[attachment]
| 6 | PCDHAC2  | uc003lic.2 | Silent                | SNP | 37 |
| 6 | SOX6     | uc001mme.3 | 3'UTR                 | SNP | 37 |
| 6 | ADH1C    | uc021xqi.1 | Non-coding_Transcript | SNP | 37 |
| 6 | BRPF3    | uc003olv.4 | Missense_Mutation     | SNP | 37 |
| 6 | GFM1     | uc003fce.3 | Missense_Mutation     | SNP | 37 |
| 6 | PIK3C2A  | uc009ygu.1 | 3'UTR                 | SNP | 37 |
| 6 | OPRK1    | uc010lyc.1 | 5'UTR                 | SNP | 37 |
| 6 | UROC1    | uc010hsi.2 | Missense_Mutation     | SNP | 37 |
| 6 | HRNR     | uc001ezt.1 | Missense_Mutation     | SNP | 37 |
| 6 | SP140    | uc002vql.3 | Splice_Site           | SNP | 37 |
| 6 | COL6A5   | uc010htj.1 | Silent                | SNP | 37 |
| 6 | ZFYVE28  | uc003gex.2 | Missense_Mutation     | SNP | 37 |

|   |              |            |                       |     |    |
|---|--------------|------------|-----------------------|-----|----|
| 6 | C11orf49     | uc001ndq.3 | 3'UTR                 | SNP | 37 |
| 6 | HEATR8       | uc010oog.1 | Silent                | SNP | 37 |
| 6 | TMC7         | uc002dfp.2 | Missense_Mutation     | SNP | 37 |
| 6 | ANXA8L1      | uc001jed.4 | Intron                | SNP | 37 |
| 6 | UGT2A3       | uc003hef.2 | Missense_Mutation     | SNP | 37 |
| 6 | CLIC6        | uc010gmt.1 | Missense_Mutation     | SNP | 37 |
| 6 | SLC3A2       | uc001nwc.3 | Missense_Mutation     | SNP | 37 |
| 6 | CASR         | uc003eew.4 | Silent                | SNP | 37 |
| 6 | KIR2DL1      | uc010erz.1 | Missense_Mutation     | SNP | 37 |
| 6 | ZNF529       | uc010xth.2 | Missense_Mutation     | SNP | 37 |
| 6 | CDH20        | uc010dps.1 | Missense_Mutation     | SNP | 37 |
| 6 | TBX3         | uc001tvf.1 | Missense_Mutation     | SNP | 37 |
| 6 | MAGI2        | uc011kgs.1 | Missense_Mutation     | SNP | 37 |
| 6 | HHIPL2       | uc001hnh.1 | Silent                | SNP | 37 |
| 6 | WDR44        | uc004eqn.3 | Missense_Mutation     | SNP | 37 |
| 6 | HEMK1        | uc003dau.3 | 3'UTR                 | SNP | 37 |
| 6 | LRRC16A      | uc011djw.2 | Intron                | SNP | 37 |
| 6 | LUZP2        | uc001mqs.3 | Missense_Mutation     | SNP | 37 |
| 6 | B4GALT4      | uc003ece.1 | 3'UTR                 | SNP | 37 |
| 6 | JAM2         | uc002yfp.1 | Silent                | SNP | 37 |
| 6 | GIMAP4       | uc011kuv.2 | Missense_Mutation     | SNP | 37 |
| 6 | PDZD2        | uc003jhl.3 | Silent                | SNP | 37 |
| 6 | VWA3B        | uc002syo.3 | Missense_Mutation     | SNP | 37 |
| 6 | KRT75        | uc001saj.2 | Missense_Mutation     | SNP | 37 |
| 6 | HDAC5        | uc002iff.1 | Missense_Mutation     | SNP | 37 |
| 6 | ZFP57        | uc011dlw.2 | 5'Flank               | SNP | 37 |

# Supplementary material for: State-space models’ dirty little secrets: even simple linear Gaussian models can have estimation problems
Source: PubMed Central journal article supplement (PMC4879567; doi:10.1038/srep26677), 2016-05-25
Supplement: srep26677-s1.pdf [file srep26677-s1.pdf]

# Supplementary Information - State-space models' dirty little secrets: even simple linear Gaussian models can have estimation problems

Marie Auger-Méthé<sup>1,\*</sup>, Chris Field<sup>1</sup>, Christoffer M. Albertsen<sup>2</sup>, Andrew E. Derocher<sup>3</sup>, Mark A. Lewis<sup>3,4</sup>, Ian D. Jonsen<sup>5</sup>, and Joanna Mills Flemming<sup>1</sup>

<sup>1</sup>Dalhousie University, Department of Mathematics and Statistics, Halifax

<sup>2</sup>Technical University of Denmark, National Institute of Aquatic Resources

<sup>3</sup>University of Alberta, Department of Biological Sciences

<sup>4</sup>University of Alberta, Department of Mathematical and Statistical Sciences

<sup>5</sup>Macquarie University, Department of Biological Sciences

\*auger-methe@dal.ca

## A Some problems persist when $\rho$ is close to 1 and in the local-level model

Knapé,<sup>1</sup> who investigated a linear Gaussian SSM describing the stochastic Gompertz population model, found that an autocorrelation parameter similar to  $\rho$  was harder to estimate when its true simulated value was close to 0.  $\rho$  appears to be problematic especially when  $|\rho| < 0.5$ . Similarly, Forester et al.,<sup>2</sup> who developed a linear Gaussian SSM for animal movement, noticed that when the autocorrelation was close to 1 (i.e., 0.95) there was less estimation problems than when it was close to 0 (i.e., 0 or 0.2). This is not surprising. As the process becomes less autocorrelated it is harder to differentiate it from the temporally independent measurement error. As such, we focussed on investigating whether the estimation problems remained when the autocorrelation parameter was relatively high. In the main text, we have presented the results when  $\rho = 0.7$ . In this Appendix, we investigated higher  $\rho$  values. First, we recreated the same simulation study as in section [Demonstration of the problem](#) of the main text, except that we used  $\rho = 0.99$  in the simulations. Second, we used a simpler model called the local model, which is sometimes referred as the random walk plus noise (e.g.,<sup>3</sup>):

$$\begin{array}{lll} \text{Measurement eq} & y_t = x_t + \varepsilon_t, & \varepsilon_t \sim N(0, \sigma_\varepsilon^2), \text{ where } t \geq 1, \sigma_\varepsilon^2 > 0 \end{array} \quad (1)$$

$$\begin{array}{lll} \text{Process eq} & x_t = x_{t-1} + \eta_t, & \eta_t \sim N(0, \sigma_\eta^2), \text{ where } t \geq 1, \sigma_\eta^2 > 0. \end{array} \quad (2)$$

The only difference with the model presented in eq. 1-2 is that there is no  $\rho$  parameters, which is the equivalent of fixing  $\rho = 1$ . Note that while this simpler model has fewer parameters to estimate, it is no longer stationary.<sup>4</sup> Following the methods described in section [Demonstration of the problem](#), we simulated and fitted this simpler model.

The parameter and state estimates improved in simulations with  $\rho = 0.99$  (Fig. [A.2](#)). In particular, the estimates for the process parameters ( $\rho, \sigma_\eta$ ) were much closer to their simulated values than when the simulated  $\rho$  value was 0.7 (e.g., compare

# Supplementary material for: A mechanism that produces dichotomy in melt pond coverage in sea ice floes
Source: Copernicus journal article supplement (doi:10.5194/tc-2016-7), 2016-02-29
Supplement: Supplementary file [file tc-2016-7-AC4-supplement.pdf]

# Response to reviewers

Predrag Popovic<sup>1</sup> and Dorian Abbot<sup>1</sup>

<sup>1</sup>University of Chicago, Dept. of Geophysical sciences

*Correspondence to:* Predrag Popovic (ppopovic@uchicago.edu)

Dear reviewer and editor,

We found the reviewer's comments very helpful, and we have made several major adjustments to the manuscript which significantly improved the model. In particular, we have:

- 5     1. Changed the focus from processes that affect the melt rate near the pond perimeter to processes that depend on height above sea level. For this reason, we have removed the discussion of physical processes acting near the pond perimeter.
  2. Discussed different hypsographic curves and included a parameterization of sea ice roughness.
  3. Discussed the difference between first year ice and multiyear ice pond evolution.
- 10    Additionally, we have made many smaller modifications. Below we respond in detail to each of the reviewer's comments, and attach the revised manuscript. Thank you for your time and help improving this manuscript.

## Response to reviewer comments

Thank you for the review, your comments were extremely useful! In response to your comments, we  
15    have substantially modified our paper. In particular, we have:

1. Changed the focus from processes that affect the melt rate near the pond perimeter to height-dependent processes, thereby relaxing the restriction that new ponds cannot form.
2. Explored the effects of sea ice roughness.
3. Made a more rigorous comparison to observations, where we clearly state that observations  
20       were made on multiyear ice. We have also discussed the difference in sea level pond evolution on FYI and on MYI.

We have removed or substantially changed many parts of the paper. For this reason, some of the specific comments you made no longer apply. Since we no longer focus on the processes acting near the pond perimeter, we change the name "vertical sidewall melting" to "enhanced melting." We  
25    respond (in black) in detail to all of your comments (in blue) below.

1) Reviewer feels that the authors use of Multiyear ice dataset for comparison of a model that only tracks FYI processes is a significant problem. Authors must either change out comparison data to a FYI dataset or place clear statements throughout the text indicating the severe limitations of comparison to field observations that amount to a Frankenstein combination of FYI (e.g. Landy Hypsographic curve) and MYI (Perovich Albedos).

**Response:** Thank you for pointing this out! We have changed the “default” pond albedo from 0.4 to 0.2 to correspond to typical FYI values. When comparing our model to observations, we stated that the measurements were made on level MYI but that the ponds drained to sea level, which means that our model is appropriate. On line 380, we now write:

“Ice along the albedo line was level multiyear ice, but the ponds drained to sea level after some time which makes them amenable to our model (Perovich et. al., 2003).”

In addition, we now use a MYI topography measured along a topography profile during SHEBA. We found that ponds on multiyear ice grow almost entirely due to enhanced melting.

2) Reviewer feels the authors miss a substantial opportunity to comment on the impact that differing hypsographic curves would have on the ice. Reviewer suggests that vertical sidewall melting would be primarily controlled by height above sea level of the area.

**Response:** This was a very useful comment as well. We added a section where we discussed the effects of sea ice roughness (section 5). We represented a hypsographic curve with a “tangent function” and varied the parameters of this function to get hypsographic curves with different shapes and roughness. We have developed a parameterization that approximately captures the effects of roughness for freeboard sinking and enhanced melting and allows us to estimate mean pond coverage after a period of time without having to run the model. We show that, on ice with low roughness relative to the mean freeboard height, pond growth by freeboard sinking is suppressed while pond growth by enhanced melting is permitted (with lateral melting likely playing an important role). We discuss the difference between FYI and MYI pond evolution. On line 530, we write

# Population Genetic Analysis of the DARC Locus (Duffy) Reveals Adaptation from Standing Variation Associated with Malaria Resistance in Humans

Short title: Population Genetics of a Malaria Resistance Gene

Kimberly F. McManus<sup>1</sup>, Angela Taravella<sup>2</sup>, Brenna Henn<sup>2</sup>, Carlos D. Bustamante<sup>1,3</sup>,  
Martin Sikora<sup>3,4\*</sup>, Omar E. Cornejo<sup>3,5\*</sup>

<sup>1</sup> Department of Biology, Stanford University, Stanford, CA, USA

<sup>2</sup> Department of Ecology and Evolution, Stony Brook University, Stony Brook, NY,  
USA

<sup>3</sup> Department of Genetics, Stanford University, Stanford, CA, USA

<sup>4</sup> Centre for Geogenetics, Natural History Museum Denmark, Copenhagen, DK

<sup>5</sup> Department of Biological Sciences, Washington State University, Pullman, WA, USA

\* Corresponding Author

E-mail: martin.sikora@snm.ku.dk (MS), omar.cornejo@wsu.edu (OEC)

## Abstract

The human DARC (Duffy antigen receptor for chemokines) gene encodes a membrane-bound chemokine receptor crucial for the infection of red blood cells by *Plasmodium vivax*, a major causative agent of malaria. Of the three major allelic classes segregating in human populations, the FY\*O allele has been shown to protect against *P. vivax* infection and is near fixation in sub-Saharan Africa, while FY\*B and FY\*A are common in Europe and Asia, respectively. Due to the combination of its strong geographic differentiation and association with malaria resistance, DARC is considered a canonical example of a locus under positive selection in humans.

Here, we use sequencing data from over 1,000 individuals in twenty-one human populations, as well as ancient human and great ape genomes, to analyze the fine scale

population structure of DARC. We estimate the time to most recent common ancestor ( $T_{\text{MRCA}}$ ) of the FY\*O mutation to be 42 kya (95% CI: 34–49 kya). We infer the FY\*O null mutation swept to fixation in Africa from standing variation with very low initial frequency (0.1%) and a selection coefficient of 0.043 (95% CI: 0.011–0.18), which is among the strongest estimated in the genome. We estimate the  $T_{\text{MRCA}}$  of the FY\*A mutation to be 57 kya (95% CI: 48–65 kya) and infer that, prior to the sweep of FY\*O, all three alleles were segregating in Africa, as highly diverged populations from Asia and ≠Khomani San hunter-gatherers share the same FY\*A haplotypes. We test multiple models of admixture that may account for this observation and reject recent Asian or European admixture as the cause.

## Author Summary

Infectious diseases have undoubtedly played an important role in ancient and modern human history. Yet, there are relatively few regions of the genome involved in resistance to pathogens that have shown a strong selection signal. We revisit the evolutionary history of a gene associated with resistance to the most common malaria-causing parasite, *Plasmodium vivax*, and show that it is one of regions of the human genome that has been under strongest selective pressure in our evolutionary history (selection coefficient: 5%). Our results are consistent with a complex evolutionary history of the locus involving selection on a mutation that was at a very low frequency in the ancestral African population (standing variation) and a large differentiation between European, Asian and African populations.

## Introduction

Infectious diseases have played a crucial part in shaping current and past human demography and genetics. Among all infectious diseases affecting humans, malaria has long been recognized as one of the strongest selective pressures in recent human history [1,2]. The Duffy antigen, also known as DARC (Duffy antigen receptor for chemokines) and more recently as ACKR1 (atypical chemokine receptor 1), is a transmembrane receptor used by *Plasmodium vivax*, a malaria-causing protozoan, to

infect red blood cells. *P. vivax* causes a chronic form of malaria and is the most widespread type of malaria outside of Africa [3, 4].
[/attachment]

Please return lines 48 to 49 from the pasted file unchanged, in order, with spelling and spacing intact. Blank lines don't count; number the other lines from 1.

<sup>3</sup>University of Alberta, Department of Biological Sciences

<sup>4</sup>University of Alberta, Department of Mathematical and Statistical Sciences